Thomas Jefferson Papers

From Thomas Jefferson to John Mclean, 25 August 1824

Monto Aug. 25. 24.


Without the happiness of a personal acquaintance I hope I shall be pardoned for addressing to you a sollicitation for a very worthy man, for whom I have a great affection, yet not greater than he highly merits, the office of P.M. in Richmd is become vacant by the death of the incumbent, and Colo Bernard Peyton of that place, a meritorious officer in our late war, is one of the applicants for it. I can assure you, with a sincerity which frdshp should never induce me to disregard that in capacity for the office, intergrity, diligence worth and the high place he holds in the public esteem and confidence, no competitor can be more prominent. I have heretofore been called on occasion to hand to the govmt the names of sollicitants for office, but this is the only case in which I have ever suffered my affections to go beyond the simple duty of testifying what was true, & have never before permitted myself to say that I feel in it an anxiety equal to what I could feel for myself and that in gratificn & gratitude shall consider it, as as an indulgence & favor yieldd to myself. be pleased to accept the assurance of my great esteem respect & considn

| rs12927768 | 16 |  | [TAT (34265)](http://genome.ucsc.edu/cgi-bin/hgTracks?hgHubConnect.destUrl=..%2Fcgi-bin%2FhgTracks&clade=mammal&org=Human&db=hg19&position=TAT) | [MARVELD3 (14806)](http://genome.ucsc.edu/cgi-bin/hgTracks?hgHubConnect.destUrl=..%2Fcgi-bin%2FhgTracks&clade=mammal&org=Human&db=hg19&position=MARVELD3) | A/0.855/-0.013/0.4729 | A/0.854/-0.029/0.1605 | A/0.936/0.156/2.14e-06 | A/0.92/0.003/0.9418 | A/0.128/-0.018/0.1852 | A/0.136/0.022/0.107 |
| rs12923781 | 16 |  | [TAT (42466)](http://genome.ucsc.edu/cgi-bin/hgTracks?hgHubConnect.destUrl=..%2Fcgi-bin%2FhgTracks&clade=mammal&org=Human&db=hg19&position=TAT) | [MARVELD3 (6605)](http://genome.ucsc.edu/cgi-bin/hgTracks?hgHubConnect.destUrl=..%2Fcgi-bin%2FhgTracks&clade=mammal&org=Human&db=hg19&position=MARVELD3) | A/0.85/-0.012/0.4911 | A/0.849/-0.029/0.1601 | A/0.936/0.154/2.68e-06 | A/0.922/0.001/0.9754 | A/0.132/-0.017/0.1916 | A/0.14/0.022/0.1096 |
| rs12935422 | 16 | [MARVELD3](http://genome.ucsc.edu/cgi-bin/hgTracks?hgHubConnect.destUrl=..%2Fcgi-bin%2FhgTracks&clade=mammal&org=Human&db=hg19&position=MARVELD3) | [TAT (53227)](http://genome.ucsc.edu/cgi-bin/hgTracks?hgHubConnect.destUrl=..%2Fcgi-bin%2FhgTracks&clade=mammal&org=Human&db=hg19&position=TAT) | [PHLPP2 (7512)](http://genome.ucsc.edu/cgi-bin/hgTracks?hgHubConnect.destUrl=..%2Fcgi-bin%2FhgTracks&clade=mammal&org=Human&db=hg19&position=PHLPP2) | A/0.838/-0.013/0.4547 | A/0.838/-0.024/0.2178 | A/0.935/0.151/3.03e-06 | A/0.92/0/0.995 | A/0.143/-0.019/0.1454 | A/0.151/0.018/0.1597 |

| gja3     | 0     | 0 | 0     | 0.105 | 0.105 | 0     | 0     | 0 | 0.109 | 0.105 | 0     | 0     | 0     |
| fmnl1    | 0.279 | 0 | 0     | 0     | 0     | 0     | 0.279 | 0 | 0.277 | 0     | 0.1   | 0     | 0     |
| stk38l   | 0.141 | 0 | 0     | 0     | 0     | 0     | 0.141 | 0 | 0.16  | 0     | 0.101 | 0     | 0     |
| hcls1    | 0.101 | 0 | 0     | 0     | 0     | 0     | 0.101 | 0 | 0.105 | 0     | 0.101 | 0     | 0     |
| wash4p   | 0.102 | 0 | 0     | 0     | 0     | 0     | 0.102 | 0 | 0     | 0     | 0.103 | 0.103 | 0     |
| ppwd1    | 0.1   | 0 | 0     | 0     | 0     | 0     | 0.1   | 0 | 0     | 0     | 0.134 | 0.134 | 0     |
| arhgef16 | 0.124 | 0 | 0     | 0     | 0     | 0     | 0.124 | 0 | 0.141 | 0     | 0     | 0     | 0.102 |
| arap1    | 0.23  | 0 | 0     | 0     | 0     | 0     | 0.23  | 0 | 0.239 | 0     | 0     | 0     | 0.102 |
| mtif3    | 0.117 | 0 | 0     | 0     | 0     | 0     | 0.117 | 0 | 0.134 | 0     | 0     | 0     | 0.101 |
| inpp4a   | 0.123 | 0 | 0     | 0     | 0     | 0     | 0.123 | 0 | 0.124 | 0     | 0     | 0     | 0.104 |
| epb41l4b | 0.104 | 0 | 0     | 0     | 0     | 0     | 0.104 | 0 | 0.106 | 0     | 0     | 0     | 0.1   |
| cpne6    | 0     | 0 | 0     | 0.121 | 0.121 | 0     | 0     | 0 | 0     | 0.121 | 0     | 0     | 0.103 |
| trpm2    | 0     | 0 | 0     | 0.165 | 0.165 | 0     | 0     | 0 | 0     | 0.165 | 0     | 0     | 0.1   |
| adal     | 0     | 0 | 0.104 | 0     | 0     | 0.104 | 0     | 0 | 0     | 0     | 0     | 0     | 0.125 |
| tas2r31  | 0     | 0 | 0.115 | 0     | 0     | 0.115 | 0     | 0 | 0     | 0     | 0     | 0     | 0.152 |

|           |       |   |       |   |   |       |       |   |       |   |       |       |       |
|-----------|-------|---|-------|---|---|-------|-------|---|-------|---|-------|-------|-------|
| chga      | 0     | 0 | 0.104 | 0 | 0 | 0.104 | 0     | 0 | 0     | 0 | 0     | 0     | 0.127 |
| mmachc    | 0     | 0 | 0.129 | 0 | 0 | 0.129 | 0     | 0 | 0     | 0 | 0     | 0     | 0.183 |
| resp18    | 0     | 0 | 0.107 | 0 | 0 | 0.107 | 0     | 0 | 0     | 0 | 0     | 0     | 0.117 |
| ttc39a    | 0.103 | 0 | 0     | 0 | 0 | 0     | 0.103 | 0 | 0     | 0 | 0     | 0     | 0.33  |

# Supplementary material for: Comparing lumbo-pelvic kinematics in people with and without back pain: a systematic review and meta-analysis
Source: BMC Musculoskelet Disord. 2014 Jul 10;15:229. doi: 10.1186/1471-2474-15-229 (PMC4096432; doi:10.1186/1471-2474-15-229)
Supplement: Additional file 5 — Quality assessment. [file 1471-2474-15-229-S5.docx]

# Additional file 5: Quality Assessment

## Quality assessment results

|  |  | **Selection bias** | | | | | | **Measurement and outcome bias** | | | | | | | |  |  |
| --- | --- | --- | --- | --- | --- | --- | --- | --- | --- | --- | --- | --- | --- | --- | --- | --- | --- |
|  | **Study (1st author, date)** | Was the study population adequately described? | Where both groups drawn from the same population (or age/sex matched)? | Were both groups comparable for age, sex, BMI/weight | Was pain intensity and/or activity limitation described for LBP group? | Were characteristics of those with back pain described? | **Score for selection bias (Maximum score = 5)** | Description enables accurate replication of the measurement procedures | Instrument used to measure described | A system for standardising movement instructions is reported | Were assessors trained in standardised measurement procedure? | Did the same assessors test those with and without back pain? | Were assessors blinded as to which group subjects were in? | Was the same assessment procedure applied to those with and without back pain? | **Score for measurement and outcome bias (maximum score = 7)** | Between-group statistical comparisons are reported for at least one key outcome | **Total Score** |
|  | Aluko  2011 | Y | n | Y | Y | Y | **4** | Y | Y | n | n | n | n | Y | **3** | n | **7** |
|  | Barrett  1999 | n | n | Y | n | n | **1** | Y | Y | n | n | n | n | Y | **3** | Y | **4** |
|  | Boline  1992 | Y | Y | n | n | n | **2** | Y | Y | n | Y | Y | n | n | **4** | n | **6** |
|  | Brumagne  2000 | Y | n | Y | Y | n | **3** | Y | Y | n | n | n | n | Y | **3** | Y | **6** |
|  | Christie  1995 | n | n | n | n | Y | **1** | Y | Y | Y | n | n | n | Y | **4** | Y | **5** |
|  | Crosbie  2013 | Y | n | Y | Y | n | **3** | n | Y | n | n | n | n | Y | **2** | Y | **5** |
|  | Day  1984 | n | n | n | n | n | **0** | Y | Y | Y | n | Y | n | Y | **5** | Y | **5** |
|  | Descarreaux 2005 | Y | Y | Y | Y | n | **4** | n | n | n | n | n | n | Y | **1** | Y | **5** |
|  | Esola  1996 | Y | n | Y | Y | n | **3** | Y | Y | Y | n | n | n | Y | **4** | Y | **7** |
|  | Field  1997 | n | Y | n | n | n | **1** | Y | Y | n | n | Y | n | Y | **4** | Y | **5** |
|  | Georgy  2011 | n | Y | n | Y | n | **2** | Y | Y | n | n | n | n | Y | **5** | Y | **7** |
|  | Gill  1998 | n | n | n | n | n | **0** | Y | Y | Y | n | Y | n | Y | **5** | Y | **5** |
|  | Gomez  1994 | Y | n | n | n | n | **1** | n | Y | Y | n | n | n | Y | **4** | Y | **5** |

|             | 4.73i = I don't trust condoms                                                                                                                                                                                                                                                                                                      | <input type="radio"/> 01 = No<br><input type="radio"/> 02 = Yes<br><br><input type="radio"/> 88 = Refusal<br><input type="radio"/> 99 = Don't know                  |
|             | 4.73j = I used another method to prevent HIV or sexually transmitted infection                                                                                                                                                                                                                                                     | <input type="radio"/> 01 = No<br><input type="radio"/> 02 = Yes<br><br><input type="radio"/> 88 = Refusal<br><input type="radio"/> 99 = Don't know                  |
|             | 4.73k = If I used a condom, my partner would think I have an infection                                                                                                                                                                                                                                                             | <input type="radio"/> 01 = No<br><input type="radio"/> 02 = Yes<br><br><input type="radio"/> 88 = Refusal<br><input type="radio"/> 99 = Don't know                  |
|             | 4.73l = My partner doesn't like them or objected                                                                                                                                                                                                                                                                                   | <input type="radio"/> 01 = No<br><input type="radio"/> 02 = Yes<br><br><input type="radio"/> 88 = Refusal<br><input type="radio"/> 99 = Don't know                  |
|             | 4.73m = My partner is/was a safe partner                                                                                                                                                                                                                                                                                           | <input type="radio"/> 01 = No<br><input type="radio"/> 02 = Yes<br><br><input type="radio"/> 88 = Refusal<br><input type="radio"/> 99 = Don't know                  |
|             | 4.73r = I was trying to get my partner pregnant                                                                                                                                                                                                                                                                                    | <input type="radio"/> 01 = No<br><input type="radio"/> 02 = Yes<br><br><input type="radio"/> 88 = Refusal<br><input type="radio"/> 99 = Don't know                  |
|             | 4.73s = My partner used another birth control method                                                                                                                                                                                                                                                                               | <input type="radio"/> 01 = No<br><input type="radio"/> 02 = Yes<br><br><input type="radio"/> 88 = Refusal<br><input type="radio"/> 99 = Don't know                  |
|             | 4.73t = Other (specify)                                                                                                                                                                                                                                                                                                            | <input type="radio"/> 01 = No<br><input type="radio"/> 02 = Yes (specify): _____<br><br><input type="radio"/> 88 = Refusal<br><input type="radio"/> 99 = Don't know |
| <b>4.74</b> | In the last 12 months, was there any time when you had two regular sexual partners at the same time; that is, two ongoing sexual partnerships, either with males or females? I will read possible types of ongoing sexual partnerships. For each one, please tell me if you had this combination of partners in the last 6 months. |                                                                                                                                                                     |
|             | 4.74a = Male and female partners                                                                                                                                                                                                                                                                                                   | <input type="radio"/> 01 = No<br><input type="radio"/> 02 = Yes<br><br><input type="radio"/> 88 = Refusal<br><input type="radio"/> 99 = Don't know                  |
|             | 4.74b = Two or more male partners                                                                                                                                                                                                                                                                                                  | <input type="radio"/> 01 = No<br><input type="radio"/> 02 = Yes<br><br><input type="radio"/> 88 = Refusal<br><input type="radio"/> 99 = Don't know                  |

Th: J.

DLC: Papers of Thomas Jefferson.

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